I was very happy to see these knives in the British Museum, because I quite often write about knives and daggers in my novels and it was useful to do a bit of research into them.
These particular knives are French and date from the first decade of the fifteenth century. The longest knife is about 15 inches long.
All four of the knives in the picture fitted into the sheath. The larger knives were used for carving meat. Once carved, the slice of meat was presented on the flat of the blade.
It’s thought they were a wedding present, but that’s not a certainty. They’re certainly very expensive, though, as the handles are enamelled and the leather sheath is also decorated. Whilst not every knife handle was enamelled and not every sheath was made from leather, sheathes and scabbards would usually have been decorated. Decorations would not just have been carved, but painted and occasionally gilded. People of the fourteenth century liked bright colours.
Many more ordinary blades were decorated. This was often little more than a maker’s mark, but the blades could also be inlaid with designs. The blades themselves were usually made with iron mixed with imported steel. The handless were made from bone, wood, horn and metal. Of these, wood was the most common.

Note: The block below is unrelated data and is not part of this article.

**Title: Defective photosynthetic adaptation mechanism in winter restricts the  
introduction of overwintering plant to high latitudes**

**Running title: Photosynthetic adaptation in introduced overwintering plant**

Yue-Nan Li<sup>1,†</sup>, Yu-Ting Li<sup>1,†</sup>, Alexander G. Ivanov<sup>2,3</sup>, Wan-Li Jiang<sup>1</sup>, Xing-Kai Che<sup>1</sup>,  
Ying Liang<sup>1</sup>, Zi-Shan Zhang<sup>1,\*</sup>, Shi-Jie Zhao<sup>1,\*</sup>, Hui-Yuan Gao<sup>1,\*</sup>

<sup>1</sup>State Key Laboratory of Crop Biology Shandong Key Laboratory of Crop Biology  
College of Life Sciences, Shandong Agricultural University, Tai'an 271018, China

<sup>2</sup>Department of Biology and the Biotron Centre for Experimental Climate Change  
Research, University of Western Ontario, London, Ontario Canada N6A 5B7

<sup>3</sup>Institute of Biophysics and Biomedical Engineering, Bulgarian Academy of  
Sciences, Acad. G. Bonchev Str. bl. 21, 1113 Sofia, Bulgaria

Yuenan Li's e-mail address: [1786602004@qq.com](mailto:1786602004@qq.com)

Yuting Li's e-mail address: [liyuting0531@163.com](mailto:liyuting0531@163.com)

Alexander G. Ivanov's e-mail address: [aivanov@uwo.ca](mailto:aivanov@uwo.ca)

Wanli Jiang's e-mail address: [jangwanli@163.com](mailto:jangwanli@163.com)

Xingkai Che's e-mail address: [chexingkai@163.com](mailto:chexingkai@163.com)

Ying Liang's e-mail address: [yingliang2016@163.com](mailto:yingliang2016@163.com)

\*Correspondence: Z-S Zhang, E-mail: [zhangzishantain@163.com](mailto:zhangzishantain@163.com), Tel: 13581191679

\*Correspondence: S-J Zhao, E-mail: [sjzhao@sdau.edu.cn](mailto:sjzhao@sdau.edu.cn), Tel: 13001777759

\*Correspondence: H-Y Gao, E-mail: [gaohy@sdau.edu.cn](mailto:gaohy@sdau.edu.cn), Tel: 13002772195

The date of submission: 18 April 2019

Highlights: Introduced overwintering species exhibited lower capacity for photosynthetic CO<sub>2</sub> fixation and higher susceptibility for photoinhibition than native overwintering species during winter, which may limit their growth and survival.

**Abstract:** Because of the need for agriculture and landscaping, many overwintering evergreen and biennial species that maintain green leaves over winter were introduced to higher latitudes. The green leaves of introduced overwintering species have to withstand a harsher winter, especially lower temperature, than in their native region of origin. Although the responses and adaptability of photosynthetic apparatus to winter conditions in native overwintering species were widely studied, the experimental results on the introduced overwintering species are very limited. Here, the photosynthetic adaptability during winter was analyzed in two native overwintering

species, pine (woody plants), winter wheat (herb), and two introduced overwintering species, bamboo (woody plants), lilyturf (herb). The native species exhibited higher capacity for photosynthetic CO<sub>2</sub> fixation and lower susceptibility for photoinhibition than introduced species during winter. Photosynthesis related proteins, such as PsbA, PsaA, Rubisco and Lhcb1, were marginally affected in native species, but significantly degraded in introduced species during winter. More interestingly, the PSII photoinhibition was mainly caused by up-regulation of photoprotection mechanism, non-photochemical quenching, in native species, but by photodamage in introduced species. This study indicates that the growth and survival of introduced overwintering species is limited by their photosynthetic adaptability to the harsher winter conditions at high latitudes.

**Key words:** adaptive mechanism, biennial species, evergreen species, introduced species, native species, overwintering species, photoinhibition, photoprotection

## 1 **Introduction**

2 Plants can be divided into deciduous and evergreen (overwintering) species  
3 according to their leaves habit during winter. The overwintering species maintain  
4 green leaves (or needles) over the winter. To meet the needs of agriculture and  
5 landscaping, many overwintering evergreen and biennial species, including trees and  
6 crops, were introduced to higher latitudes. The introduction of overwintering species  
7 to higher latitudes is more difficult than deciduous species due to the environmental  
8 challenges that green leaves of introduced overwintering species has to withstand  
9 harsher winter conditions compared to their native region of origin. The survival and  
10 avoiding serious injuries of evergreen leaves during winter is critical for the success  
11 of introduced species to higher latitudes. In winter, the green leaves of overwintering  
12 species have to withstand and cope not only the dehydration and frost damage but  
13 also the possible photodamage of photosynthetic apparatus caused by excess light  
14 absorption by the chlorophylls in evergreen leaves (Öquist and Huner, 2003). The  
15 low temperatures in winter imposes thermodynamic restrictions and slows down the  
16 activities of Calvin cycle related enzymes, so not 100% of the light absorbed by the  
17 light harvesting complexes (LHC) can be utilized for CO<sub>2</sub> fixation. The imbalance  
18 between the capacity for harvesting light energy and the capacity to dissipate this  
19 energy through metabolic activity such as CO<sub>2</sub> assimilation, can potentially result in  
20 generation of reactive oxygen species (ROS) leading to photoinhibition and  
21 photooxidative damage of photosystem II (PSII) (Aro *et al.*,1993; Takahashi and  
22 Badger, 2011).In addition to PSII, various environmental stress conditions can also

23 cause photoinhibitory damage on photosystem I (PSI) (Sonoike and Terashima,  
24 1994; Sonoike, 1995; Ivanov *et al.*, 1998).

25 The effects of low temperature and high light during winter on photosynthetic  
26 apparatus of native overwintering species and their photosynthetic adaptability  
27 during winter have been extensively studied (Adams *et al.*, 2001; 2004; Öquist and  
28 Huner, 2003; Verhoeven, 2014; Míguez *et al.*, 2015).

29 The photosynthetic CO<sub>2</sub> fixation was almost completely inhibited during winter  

Only knives and spoons were used at meals and people carried their own knives with them for use at mealtimes, even when they were guests. Towards the end of the fourteenth century hosts began to provide knives for important guests. Sharing a knife with someone at a meal was a sign of trust
There were, of course, rules of etiquette concerning the use of knives during meals. Knives brought to the table were supposed to be clean and sharp. They should not be wiped on the tablecloth and neither should anyone lick their knife. Rules such as these were usually written down in an attempt to change people’s behaviour. You can assume, therefore, that, if there’s a rule against it, lots of people were doing it. You were not supposed to use your knife to trim your nails at the table. Using the knife to carry food to the mouth was forbidden: that’s what your fingers were for. You could use the knife to put food on your trencher, but it was fingers only from that point. If you wanted to salt your food, you had to use the flat of the blade to lift salt from the salt dish, not your fingers. Above all you were not to pick your teeth with the point of the blade.
People carried knives about with them. Chaucer’s reeve had a Sheffield knife tucked in the top of his hose. I have no idea how secure this was, unless the scabbard was attached to the laces which tied his hose to his braies. The people to whom the knives in the British Museum belonged doubtless had very secure ways of transporting them.
Masterpieces of Medieval Art – James Robinson
Knives and Scabbards – J. Cogwill, M. de Neergaard and N. Griffiths